Good afternoon Chairperson Maria Del Carmen Arroyo and members of the council’s Committee on Health: Inez E. Dickens, Mathieu Eugene, Julissa Ferreras, Rosie Mendez, Joel Rivera, Deborah L. Rose, Peter F. Vallone, Jr., James G. Van Bramer and Albert Vann.
Thank you so much for giving me an opportunity to share with this committee what Women’s eNews’ team of investigative journalists has determined about the crucial issue of African American maternal mortality and maternity care for all women in New York City.
I am Rita Henley Jensen, editor in chief of Women’s eNews, a New York-based daily, online nonprofit news service covering issues of particular concern to women. The life and death of all pregnant women and all new mothers is an issue close to our hearts and a major focus of our journalism.
The Women’s eNews team of reporters and editors has worked consistently during the past five years to cover the issues of maternal health nationally and locally. I wish to express enormous gratitude to W.K. Kellogg Foundation for its support of this work and its leadership on maternal and infant health and racial equity.
The maternal mortality rate in the United States is climbing, while around the globe numbers are dropping. The U.S. now has higher rates of mothers dying than any other industrialized nation and is ranked 49th worldwide. Rather than be an example for the rest of the nation, New York City has both a high maternal mortality rate and extraordinarily high rates of African American mothers losing their lives during pregnancy or childbirth.
Akira Eady’s death is one of many that signals deep problems in New York’s care of new mothers and the tragic results. An African American, Akira died shortly after giving birth at Mount Sinai Medical Center in 2007.
Akira’s aunt, Carole Eady, recounted to Women’s eNews that her niece, employed and with private medical insurance, bled heavily after receiving an epidural. She complained of headaches to the hospital staff. Nevertheless, the hospital released her. She was brain dead four days after giving birth.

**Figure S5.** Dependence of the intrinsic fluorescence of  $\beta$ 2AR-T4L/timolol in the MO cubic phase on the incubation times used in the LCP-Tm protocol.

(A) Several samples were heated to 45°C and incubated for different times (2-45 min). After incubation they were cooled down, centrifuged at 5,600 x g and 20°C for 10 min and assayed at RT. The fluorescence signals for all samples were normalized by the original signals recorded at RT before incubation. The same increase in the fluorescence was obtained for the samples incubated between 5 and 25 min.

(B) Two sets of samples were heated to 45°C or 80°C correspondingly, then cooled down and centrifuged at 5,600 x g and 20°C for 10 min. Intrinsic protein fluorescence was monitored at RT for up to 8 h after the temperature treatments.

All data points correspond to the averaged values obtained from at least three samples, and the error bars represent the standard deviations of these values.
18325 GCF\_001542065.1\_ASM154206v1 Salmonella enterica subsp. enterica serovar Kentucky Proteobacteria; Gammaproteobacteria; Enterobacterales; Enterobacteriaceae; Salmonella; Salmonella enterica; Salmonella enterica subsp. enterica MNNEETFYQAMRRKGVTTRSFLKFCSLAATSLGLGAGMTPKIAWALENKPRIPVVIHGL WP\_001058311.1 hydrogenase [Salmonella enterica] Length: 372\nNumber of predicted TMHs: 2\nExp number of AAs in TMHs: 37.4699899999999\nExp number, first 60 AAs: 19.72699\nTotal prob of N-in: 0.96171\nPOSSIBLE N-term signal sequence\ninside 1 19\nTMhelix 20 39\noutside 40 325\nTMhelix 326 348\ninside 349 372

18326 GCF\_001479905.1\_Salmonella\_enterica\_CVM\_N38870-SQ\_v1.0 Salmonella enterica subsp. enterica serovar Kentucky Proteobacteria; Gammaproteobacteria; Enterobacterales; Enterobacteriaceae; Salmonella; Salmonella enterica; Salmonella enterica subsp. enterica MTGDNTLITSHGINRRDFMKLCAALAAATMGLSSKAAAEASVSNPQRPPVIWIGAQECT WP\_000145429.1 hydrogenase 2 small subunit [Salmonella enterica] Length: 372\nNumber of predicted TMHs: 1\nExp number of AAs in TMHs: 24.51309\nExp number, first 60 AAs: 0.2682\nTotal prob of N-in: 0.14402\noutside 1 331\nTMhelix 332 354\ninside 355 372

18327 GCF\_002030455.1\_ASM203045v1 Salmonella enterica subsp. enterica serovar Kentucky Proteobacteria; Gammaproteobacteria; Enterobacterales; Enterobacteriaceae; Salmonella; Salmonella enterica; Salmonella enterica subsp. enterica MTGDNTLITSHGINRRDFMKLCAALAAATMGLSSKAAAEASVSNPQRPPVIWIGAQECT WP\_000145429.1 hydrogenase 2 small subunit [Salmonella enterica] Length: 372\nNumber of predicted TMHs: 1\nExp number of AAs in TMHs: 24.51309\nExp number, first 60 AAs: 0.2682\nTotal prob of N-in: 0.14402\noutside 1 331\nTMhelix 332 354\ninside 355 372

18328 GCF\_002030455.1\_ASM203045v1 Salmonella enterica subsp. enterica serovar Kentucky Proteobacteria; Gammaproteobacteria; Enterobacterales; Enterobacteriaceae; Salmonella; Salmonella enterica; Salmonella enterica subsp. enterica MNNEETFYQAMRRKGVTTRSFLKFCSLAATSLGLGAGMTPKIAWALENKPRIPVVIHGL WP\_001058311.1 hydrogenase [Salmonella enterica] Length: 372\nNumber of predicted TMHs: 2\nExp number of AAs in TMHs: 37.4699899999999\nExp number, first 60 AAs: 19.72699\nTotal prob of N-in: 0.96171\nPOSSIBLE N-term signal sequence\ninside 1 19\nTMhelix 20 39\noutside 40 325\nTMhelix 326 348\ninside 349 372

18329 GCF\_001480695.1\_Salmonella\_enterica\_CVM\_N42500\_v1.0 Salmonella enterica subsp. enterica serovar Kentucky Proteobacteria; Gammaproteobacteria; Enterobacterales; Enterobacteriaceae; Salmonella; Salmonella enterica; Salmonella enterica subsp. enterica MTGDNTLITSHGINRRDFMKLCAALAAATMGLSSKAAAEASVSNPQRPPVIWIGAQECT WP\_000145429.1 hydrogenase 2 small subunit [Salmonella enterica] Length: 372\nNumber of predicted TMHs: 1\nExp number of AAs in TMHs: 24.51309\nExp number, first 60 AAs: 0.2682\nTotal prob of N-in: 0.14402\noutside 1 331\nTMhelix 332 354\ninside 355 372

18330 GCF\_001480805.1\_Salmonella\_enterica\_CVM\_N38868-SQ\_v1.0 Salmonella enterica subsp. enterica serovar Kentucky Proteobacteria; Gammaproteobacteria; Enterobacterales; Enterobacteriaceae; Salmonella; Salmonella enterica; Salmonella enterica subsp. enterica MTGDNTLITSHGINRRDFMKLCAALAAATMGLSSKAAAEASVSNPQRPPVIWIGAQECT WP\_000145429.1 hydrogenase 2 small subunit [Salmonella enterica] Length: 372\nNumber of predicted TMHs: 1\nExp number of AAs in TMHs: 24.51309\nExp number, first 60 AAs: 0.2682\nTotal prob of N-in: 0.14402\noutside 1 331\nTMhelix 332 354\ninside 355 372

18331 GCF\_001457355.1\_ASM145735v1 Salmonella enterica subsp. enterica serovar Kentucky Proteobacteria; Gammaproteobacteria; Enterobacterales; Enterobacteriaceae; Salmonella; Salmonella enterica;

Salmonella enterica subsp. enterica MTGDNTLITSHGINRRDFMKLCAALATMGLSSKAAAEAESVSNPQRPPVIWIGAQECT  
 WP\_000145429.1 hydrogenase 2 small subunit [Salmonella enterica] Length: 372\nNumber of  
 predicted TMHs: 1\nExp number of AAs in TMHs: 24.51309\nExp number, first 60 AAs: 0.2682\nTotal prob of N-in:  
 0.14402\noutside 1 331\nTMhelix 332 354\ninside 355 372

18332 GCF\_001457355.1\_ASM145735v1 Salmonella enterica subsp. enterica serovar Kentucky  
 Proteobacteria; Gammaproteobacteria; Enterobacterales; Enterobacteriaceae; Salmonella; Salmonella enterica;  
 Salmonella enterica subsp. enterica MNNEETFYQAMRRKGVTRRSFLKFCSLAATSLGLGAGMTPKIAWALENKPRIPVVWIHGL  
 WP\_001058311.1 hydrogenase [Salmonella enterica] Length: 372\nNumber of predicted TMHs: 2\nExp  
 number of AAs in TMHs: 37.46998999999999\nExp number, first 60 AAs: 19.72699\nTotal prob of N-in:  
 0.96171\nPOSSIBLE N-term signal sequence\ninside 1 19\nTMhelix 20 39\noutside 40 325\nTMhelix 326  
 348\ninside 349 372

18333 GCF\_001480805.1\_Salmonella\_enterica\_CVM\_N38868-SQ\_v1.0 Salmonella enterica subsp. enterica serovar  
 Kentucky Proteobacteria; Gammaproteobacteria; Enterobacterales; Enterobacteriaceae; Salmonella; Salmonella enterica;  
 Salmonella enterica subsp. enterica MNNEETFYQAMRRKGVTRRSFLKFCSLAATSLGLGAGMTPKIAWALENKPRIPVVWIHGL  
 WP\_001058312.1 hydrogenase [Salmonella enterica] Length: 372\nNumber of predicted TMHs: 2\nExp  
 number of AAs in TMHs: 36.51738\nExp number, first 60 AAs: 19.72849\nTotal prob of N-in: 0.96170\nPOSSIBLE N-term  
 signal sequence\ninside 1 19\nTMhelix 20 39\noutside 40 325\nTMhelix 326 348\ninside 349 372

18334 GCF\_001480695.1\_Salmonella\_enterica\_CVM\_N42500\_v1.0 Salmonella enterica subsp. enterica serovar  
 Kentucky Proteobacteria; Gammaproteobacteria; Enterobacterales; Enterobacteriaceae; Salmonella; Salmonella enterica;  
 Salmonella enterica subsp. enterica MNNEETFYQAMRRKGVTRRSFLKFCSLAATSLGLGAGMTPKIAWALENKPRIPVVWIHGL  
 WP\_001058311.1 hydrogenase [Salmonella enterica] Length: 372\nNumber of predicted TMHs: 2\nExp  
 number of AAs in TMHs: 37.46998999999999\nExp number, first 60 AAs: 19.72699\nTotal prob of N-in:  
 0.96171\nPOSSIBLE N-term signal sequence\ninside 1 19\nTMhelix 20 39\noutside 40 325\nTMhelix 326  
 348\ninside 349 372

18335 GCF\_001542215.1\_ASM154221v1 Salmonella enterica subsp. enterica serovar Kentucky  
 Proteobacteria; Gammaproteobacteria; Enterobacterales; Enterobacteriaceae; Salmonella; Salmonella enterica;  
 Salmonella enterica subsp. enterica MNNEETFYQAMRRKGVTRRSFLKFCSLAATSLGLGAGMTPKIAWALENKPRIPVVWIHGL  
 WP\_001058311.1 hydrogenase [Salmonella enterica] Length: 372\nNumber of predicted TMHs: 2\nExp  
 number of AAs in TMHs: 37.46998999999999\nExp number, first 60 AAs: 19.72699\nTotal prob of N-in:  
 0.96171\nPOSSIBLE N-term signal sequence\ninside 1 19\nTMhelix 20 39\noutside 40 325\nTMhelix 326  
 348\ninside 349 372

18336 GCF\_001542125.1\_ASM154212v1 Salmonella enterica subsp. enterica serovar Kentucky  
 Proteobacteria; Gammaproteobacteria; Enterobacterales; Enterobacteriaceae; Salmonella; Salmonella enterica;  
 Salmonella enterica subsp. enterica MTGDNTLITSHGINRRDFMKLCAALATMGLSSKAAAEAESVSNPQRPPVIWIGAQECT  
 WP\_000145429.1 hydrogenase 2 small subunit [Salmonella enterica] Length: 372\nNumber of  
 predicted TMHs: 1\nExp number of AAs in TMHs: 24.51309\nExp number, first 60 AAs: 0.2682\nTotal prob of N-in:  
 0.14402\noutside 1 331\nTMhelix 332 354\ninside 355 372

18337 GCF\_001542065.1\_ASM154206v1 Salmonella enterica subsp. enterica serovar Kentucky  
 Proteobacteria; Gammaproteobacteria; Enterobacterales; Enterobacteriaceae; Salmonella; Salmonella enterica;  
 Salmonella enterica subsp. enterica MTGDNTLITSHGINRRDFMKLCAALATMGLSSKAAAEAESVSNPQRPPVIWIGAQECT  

Less than a year after she died, Akira’s older son, age 2, was savagely beaten to death while with his father. Carole Eady is now raising Akira’s older daughter in her Harlem home. The infant born to Akira is now being raised by that child’s father, also in Harlem.
Women’s eNews has found that Akira’s death is one of many among the city’s mothers, especially African Americans, that signal significant issues in New York’s care of pregnant women and new mothers.
New York City has an overall maternal mortality rate of 24 per 100,000 births, significantly above the national rate of 21 per 100,000.
In 2011, the maternal mortality rate of African American women in New York City was 46.5 out of 100,000 births, three times the rate for the city’s white mothers.
The president of the New York Academy of Medicine, Dr. Jo Ivy Buford, told Women’s eNews that with proper care the numbers could be cut nearly in half.
Maternal health experts have told the Women’s eNews team that for every maternal death, there are 50 “near misses,” that is, when a mom nearly dies, a phenomenon best tracked by a hospital’s readmission rates.
These numbers understate the extent of New York’s maternal health problem because the city’s vital statistics include only maternal deaths within 42 days of the end of the pregnancy. Nationally, the Centers for Disease Control and Prevention tracks maternal deaths over a one year period–to record those who die slowly as a result of their pregnancy.
Women’s eNews has asked again and again why so many black women and other non-white mothers are dying or suffering extreme complications.
Our reporters found that the reasons for these high rates cannot be explained by answers most often offered such as genetics, teen pregnancy, obesity, lack of pre-natal care, poverty, pre-existing conditions or low education. The existing data refute these guesses. Women’s eNews’ investigation has repeatedly found that Cesarean sections place women at risk for severe complications: embolisms, infections, and hemorrhages that can lead to death and “near misses.”
A 2010 New York City health department report revealed that 54 percent of the women whose deaths were related to their pregnancies underwent C-sections and only 4 percent of those who died gave birth vaginally. (Twenty-eight percent died while pregnant and 14 were classified as non-applicable.)
The Women’s eNews team was not able to determine if African American women underwent a disproportionate number of C-sections. However, Women’s eNews has found that deaths from embolisms, often related to C-section delivery, are dramatically higher for African American women. Based on data from 2001 to 2005, 82 percent of those mothers who died from embolisms were black non-Hispanic, 14 percent were Hispanic, 4 percent were Asian/Pacific Islander and 0 percent where white. Zero percent.
In the other major categories of the most common causes of maternal death, often related to C-sections, the disparities were also pronounced.
New York must record more data to understand how these disparities could exist in a city with public hospitals, an outstanding network of private hospitals and generous Medicaid.
To begin to save the lives of mothers, the city must begin with transparency. Hospital by hospital data of maternal deaths–including breakdowns by race and ethnicity as well as methods of delivery and causes of deaths–must be made available to the public.
Maternal Mortality Review committees must be permitted to make their findings public.
Only then, with an informed medical community, can the city begin to make its hospitals mother friendly.
Women’s eNews stands ready to report on the transformation.
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